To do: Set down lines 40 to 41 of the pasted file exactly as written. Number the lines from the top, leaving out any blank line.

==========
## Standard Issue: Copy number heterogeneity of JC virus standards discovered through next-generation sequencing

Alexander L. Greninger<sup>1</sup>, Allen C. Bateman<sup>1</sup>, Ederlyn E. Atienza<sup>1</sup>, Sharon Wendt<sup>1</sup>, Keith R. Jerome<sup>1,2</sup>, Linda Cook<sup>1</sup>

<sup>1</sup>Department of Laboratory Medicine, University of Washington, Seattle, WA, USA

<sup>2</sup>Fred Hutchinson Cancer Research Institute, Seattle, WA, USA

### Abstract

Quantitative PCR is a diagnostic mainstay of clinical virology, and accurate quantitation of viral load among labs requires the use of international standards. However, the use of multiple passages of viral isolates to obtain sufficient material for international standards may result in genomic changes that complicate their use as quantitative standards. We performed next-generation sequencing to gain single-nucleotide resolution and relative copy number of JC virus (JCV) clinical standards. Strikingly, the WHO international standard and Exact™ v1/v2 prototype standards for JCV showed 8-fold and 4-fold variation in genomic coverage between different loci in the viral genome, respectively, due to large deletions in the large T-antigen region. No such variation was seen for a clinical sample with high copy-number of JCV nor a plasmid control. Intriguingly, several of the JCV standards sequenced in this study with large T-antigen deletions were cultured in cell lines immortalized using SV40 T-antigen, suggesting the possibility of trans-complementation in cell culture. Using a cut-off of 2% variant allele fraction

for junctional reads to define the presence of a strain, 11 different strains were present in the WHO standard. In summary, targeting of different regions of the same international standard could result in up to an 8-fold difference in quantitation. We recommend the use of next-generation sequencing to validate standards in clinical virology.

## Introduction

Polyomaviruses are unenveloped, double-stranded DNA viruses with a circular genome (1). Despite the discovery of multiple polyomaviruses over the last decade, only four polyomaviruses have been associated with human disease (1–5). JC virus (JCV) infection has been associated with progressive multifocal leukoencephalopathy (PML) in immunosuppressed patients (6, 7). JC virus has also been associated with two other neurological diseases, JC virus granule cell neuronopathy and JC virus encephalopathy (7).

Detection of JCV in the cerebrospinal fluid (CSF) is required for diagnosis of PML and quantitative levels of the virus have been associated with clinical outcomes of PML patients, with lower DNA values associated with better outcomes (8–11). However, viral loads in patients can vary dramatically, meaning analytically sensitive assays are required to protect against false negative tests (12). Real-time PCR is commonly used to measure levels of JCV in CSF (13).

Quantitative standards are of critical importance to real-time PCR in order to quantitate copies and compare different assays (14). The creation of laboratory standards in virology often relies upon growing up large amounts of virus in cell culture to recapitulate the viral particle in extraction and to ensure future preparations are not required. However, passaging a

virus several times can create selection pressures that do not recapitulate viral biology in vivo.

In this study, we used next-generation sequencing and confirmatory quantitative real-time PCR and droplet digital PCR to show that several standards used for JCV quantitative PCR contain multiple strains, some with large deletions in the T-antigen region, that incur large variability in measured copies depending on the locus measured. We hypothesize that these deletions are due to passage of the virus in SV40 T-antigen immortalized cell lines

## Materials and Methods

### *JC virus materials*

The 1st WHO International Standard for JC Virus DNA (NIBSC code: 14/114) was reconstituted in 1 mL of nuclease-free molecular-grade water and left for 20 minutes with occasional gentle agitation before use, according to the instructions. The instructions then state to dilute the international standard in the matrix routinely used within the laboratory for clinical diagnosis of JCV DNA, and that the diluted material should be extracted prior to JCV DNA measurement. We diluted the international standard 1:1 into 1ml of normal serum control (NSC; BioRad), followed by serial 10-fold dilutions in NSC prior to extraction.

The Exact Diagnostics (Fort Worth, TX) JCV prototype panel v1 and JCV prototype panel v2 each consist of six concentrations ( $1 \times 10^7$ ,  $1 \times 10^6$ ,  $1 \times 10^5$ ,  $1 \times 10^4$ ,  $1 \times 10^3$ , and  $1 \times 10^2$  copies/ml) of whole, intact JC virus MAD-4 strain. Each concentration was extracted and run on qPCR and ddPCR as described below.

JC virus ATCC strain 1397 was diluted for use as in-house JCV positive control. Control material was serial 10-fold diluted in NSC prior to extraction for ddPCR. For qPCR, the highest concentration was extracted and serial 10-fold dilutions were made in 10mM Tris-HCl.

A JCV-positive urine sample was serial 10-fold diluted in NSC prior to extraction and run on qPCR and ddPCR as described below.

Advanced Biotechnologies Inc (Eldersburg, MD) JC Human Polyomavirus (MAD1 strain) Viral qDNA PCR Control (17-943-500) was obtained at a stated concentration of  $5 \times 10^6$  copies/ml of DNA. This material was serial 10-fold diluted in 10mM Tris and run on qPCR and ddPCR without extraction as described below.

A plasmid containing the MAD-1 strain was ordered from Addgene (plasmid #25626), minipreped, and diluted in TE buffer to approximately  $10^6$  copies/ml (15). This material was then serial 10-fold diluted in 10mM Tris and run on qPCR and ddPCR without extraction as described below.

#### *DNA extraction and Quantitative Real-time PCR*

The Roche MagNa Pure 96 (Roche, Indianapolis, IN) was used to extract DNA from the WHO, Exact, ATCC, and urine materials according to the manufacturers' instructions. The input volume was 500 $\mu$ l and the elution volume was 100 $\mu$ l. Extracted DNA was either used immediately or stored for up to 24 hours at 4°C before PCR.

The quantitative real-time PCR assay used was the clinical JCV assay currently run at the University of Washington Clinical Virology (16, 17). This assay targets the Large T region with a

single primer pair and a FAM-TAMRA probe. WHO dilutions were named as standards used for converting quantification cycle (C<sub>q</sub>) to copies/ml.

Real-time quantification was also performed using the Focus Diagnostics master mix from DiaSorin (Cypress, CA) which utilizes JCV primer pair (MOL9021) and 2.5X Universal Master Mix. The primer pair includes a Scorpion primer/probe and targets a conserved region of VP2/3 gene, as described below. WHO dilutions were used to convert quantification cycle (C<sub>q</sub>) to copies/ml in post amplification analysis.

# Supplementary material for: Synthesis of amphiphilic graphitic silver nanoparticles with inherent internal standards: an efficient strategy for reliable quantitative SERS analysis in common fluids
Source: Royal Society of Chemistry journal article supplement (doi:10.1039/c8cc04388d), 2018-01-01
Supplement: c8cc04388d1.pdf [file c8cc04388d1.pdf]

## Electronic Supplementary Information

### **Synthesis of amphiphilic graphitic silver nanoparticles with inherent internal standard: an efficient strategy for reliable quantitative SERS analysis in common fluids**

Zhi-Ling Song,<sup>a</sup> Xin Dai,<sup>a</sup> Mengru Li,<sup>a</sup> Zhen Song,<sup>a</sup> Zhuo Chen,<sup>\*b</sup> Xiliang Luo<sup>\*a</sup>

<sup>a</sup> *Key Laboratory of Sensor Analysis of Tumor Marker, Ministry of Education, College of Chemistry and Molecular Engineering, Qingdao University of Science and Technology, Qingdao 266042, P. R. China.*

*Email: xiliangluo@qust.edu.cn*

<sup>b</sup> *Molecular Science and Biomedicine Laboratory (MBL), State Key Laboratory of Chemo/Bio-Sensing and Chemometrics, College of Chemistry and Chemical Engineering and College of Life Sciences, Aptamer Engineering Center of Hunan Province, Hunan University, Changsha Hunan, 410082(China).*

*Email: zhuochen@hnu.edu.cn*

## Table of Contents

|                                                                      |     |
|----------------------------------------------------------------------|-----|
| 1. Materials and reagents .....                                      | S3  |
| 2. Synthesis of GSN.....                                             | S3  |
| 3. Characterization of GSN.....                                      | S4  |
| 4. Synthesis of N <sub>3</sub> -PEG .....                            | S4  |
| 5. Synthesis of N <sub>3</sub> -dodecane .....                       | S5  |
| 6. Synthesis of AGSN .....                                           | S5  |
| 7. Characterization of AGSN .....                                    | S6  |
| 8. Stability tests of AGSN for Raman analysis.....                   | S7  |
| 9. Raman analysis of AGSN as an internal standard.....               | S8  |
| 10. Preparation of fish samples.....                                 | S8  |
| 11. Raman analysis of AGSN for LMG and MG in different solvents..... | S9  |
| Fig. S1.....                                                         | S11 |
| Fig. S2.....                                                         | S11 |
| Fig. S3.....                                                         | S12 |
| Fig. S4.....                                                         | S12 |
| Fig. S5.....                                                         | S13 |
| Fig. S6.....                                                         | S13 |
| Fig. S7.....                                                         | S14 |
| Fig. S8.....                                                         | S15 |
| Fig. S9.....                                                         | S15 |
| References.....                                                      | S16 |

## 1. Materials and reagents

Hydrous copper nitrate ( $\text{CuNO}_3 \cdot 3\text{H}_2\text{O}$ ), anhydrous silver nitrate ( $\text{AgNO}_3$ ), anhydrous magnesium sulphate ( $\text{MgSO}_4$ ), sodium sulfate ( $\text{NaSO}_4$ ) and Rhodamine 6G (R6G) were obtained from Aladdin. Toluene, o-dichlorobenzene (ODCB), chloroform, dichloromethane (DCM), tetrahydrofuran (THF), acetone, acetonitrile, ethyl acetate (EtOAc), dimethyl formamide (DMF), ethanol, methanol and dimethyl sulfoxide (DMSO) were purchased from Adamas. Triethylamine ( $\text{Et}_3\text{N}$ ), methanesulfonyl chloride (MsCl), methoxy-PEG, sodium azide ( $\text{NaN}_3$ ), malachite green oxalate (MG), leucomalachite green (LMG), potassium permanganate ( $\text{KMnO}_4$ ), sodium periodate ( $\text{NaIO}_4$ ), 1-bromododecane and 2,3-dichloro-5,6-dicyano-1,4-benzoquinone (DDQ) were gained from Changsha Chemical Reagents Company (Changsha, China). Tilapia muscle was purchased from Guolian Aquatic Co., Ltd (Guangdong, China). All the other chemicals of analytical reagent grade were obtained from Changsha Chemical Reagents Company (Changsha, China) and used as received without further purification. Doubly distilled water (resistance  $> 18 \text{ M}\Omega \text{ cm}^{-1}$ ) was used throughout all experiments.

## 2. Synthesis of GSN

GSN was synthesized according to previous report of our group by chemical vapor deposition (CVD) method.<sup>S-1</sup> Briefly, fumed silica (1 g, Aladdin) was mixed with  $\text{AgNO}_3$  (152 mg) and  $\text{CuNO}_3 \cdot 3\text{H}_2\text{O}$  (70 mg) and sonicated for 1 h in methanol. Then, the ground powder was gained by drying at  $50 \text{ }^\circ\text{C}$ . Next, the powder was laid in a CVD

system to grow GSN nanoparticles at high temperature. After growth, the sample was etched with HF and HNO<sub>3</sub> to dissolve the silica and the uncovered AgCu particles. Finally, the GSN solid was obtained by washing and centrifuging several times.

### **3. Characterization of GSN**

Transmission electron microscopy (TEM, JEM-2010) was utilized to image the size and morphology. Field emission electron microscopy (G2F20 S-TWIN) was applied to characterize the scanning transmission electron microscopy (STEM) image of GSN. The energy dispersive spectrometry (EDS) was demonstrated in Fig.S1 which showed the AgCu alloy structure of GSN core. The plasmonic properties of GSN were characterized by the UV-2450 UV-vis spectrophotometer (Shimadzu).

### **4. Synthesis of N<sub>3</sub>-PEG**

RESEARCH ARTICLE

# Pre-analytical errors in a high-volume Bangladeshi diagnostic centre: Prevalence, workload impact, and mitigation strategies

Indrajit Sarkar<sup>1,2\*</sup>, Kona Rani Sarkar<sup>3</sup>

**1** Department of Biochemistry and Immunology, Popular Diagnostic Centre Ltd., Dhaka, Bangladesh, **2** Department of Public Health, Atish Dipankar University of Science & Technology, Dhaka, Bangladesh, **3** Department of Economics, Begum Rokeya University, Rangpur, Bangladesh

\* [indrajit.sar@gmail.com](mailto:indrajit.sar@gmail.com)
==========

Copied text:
| 1. Materials and reagents .....                                      | S3  |
| 2. Synthesis of GSN.....                                             | S3  |